Lent 4B

March 08, 2021

The Lent 4B Sermon Starters include commentary and illustration ideas for John 3:14-21 from the Lectionary Gospel; Numbers 21:4-9 from the Old Testament Lectionary; Psalm 107:1-3, 17-22 from the Lectionary Psalms; and Ephesians 2:1-10 from the Lectionary Epistle.

Related Reformed confession: Lectionary Gospel: Heidelberg Catechism Q&A 60 (Lord’s Day 23)

  • The Lectionary Gospel +

    John 3:14-21

    Author: Scott Hoezee

  • Old Testament Lectionary +

    Numbers 21:4-9

    Author: Stan Mast

  • The Lectionary Psalms +

    Psalm 107:1-3, 17-22

    Author: Scott Hoezee

  • Lectionary Epistle

    Ephesians 2:1-10

    Author: Doug Bratt

    Grace is what my colleague Scott Hoezee calls “the dearest piece of good news the church has for the world.” It’s also, however, what he calls, “fiercely difficult to grasp.” After all, grace has always been a source of both deep comfort and frustration, of both joy and even controversy for Christians.

    Jonah, for instance, mourns God’s great grace that rescues wretched but repentant Nineveh. “I knew that if I preached to those awful pagans you’d end up forgiving them!” he bitterly complains to God. “I wanted you to keep your grace at home in Israel where it belongs.”

    Jesus Christ was, of course, the incarnation of God’s grace. That, however, also made him very unpopular among his contemporaries. When good religious Israelites complained that Jesus ate with “sinners,” that left him outside of the click of religious people who know that we climb the sand dune to heaven by our good works.

    The apostle Paul had to fight battles over grace on two fronts. In one theater people tenaciously clung to the idea that actions like being circumcised and keeping kosher were the only ways to reserve a spot in heaven. They essentially saw no place for grace at the table that is the Christian life. Such people couldn’t accept the fact that when it comes to our salvation, we can’t do anything to somehow earn or deserve it.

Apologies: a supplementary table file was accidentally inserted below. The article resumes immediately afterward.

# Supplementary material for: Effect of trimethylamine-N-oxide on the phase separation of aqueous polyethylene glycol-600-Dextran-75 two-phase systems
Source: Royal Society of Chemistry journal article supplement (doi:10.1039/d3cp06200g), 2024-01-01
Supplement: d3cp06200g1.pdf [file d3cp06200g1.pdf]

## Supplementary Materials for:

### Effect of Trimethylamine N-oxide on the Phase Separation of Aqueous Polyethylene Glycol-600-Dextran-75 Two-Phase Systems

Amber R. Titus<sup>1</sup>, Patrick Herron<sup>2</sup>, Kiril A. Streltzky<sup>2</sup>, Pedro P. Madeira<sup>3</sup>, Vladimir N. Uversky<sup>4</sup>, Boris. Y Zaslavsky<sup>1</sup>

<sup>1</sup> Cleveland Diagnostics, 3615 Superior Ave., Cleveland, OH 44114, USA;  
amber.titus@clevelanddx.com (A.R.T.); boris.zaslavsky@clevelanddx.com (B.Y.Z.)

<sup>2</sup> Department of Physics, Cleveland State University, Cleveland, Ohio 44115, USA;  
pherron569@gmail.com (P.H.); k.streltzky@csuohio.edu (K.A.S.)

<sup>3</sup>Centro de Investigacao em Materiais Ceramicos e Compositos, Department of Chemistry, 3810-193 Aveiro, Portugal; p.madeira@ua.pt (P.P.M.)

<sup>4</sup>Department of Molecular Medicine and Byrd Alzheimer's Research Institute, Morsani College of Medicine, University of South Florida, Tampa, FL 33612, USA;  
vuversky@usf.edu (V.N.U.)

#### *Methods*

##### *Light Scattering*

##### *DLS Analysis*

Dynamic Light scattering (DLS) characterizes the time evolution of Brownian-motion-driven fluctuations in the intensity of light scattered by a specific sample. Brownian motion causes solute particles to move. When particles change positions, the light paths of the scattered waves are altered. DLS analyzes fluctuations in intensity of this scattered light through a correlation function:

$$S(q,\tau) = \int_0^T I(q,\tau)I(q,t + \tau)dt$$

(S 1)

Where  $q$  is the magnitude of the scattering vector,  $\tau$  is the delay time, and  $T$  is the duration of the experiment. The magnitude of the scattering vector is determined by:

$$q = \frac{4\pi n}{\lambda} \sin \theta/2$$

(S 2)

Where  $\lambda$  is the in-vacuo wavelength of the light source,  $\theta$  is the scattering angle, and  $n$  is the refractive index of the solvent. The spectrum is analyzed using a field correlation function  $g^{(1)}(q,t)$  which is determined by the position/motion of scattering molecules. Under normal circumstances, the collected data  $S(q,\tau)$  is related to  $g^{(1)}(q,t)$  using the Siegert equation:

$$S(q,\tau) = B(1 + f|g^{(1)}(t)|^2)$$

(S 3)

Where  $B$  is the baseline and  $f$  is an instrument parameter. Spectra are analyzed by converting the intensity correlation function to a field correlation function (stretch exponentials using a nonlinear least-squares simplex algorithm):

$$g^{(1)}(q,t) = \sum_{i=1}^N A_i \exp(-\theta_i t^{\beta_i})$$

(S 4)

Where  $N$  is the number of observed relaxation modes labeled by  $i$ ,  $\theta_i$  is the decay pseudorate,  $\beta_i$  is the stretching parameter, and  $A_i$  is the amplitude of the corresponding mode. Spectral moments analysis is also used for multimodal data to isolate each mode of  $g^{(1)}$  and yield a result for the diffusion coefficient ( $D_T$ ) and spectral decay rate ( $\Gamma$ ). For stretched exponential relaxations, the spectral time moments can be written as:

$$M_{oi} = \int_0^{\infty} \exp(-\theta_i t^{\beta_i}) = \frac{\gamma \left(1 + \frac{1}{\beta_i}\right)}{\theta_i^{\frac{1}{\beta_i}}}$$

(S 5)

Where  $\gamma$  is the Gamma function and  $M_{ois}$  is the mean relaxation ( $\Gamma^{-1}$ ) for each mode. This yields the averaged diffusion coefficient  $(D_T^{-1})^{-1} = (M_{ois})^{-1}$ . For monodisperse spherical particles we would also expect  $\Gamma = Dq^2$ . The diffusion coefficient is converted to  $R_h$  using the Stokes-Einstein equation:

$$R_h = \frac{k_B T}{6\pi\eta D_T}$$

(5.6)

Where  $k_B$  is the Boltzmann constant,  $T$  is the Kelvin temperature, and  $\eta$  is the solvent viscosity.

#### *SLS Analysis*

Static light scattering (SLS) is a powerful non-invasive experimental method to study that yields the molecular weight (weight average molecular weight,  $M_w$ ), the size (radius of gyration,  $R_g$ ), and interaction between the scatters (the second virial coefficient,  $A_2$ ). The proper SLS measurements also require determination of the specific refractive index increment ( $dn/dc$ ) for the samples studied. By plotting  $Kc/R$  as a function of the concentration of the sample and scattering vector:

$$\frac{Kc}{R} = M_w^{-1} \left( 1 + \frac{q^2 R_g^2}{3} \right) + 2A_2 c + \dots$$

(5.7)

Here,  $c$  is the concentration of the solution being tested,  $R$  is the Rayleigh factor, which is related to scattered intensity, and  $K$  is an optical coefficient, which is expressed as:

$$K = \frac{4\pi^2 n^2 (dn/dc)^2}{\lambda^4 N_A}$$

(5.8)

In the other theater, however, some people turned grace into a ticket to any kind of lifestyle they chose. They took to heart Heinrich Heine’s sarcastic saying: “I like to sin, God likes to forgive.  Really, the world is admirably arranged.”

    Paul, the former Christian baiter and Jesus-hater understood that being saved has nothing to do with deserving. God saves only by God’s grace. God has done absolutely everything for God’s adopted children’s salvation, from sending Jesus Christ to live and die for us to giving us the gift of faith that receives God’s grace.

    However, the apostle also insisted that those whom God saves, God also expects to then imitate Jesus Christ. Christians aren’t saved by what we do or believe. God expects us, however, to thankfully respond to God’s grace by what we do and believe. So while God doesn’t save us by our good works, God certainly saves us for good works.

    Paul understood this kind of paradox with which we sometimes wrestle. God’s grace doesn’t depend on how moral God’s dearly beloved people are. Yet God’s grace is deeply interested in making us moral, in producing a life of thankful obedience.

    Paul may display this paradox nowhere more vividly than in this Sunday’s Epistolary Lesson. He hammers home his insistence that our sin makes people spiritually dead. Dead people are, of course, by definition, unable to do anything for ourselves. In sin, Paul insists throughout this text, Jesus’ friends are spiritually helpless to save ourselves. By nature Ephesians 2’s proclaimers are no more able to save ourselves than our pulpits or laptops can save themselves.

    (While most Sermon Starters include an illustration, this one’s weaves the illustration into the Starter.)